By Karen Finney - 05/14/12 09:53 PM EDT
Last week Team Romney again seemed as if it’s not ready for the big leagues, caught off guard and unprepared for a negative story about its candidate. The campaign also failed to take advantage of an opportunity to challenge the increasingly accepted narrative that Mitt Romney is out of touch and unable to relate to the problems and challenges of everyday Americans who don’t have multiple Cadillacs or dressage horses. Even when he’s tried his hardest to relate, Romney has ended up insulting cookies or talking about friends who own football and NASCAR teams.
Recent studies show that bullying and cyberbullying are a top concern, if not the No. 1 concern, for parents of America’s school-age children. (Admittedly not a voting issue, but one that matters to them.) A 2010 survey found that 30 percent of those polled fear bullying “over kidnapping, domestic terrorism, car accidents, suicide or any other incident.” Additionally, 40 percent of teachers and school staff consider bullying a moderate or major problem in their schools, and 32 percent of students between ages 12 and 18 report being a target of bullying. Highlighting painful stories from Iowa, Georgia, Oklahoma and Mississippi, the recent film “Bully” gives personal insight into the challenges families and communities are facing, sparking a national conversation on the issue.
With all of that right in front of it, Team Romney could have shifted the conversation about last week’s Washington Post story about a young Mitt Romney bullying a classmate who apparently seemed out of place at the exclusive Cranbrook School he attended. Romney could have apologized and then used his personal story to convey an understanding about the challenges families and communities face as attitudes have changed from seeing bullying as a “stupid thing” to a real threat to our children’s safety and well-being. He could have done so without getting into whether or not he agrees with legislation proposed by Sen. Al FrankenAl FrankenSenate passes resolution honoring Prince Senators aim to bolster active shooter training Minnesota senators praise Prince on Senate floor MORE (D-Minn.) and Rep. Jared Polis (D-Colo.), or by Sen. Bob CaseyBob CaseyObama-backed Dem makes gains in Pa. primary Senate introduces tariff relief bill Lawmakers react to Villanova's buzzer-beater NCAA win MORE Jr. (D-Pa.) and Rep. Linda Sanchez (D-Calif.).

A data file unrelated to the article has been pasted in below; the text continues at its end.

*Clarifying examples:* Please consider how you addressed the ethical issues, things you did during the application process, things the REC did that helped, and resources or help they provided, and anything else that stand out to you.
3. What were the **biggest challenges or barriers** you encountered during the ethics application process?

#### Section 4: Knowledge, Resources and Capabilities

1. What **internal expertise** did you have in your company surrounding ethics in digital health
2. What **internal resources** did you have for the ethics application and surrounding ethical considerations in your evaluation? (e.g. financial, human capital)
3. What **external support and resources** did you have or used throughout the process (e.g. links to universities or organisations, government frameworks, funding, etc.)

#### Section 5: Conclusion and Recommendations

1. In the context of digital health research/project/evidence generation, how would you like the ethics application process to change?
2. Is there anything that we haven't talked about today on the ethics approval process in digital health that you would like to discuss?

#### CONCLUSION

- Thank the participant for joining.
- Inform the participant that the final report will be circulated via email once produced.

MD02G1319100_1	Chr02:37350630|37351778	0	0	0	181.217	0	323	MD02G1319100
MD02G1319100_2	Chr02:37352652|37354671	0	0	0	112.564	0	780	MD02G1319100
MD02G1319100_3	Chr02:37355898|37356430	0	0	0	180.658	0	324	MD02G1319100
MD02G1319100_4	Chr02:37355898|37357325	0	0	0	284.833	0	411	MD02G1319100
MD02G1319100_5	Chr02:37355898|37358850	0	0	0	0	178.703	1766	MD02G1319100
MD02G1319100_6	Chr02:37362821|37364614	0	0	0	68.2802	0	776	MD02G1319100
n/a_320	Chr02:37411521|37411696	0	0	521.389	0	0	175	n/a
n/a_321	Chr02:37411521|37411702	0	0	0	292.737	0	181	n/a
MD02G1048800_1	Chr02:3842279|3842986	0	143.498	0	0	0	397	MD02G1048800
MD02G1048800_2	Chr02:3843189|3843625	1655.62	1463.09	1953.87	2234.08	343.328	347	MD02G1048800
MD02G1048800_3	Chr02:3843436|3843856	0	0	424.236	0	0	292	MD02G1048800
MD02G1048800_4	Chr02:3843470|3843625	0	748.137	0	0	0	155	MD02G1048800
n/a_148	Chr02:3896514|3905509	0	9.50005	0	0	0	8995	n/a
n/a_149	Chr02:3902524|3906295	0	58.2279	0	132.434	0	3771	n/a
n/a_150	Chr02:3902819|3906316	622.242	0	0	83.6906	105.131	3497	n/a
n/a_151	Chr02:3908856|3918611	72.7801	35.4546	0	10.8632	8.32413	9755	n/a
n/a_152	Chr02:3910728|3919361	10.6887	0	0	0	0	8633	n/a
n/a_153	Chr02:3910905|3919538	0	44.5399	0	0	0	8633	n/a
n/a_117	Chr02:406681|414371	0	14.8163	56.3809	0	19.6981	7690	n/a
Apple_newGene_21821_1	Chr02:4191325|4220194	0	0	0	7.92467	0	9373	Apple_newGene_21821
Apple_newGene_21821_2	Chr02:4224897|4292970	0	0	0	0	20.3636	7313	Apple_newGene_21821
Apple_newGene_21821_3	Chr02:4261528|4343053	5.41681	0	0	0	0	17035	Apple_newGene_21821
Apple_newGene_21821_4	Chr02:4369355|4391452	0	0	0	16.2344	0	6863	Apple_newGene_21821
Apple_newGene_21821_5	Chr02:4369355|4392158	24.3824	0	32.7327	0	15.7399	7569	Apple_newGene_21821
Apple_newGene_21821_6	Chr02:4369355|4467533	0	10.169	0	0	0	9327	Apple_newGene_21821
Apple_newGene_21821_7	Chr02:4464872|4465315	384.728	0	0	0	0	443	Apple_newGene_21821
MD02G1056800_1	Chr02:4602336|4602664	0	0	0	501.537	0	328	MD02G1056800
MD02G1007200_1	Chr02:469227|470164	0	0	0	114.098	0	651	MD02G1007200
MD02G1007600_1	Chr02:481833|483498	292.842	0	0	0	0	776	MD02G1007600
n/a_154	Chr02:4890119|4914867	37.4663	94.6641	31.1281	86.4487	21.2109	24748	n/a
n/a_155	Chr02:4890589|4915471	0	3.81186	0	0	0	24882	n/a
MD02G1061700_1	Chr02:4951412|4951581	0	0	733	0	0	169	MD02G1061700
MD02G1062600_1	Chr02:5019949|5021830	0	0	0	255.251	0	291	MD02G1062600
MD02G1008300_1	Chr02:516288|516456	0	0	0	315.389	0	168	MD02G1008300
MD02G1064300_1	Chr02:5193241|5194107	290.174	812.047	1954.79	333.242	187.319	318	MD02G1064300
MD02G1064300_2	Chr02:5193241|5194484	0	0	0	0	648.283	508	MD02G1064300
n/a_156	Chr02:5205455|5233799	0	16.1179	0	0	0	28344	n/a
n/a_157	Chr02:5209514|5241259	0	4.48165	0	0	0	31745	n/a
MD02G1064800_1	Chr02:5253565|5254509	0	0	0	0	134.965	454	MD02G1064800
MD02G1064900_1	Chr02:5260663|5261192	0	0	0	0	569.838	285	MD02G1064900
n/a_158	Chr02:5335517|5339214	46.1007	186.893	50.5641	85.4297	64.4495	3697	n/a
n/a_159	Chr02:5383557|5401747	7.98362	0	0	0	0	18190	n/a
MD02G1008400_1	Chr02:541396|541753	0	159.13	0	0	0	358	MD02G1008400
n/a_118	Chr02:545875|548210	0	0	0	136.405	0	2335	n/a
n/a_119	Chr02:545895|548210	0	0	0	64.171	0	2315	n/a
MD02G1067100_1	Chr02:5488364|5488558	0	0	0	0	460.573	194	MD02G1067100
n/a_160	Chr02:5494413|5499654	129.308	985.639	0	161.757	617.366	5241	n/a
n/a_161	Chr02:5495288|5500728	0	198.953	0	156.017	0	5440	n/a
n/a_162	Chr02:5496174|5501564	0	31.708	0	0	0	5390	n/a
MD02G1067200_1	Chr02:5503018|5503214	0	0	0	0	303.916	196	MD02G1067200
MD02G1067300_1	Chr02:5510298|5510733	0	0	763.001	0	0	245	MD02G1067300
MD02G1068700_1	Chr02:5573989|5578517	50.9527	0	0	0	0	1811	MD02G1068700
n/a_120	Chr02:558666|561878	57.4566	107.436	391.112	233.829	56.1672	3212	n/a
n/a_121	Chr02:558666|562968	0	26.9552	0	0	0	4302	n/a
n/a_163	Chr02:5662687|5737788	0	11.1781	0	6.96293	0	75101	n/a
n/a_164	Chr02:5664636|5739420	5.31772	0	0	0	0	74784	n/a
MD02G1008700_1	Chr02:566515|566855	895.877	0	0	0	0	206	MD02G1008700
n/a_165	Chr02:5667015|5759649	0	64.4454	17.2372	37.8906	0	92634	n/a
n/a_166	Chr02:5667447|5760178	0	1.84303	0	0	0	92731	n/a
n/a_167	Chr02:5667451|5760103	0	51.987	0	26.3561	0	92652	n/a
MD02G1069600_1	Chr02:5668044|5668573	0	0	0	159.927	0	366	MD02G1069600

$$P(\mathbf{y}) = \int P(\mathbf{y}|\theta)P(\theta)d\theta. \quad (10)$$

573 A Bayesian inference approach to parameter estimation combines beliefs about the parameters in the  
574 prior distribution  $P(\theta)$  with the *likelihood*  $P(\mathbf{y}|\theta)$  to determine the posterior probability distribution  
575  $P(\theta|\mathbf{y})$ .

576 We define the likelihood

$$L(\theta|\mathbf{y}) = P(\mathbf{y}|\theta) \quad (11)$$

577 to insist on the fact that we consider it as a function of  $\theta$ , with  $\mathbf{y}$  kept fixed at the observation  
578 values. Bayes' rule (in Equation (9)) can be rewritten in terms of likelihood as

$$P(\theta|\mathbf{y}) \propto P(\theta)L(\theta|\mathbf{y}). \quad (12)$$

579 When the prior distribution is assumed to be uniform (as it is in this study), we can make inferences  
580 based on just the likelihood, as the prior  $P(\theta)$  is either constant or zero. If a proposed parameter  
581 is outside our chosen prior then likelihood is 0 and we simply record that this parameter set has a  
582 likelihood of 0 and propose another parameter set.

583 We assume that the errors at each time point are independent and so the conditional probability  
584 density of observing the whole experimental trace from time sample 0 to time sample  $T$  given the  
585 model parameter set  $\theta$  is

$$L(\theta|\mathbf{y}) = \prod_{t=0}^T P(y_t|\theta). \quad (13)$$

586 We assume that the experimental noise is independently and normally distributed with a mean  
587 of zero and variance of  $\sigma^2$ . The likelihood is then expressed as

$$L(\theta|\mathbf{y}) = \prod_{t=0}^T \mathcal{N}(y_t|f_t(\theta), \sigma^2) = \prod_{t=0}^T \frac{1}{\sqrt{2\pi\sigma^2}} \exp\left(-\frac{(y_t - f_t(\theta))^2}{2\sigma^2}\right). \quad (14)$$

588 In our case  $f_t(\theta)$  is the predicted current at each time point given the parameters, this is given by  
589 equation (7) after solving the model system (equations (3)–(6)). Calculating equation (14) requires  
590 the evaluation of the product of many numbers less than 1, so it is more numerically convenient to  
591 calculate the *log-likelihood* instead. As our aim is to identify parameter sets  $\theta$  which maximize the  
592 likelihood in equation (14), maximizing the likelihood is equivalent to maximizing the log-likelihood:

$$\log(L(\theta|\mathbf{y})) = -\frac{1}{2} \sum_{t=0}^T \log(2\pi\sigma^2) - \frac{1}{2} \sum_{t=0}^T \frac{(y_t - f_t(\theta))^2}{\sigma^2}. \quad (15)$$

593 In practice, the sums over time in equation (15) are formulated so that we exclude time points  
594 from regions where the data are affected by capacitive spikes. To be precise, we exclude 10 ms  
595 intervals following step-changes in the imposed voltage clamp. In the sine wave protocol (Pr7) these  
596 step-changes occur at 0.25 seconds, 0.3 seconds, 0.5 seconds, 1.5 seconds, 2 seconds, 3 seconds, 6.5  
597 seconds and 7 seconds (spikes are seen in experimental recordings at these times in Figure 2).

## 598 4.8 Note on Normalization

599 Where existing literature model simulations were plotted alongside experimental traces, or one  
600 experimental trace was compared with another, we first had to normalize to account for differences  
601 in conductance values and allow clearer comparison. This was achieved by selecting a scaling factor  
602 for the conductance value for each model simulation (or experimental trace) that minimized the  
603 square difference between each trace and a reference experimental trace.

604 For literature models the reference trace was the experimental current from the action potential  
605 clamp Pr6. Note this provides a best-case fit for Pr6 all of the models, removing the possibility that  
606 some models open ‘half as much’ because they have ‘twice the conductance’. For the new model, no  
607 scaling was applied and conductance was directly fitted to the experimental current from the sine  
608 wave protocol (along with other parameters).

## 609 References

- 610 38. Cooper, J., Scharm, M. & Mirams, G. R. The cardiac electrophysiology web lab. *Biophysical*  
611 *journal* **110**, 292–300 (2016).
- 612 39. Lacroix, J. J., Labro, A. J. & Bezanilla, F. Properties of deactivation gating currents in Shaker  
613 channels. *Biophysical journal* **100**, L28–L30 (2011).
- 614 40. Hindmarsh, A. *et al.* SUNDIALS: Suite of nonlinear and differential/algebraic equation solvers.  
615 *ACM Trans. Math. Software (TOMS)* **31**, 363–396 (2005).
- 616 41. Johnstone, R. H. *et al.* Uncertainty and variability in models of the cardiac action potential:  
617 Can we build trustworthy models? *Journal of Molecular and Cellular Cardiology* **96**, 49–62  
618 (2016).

Instead, we got the usual “I don’t recall,” a response lawyers usually tell their clients to give so as not to get themselves into further trouble. Not even referring to the victim by name, Romney said, “I don’t recall the incident myself, but I’ve seen the reports and I’m not going to argue with that. There’s no question but that I did some stupid things when I was in high school and obviously if I hurt anyone by virtue of that, I would be very sorry for it and apologize for it.”
Bullies are unable to empathize with people who are different from them, instead using a perceived imbalance of power to harm or intimidate. A candidate whose comments continuously show a similar inability to empathize or understand by failing to acknowledge the impact of Rep. Paul RyanPaul RyanObama mocks GOP, media and himself in final WHCA dinner address Obama jabs at GOP: Is this dinner too tacky for the Donald? Former GOP senator: I’d back Trump but not Cruz as nominee MORE’s (R-Wis.) proposed budget cuts or cuts to Planned Parenthood, or why the Lilly Ledbetter Fair Pay Act matters to working Americans, doesn’t seem to have learned his lesson.
Karen Finney is a political analyst for MSNBC and Democratic consultant, and co-host of POTUS/Sirius XM’s “The Flaks.”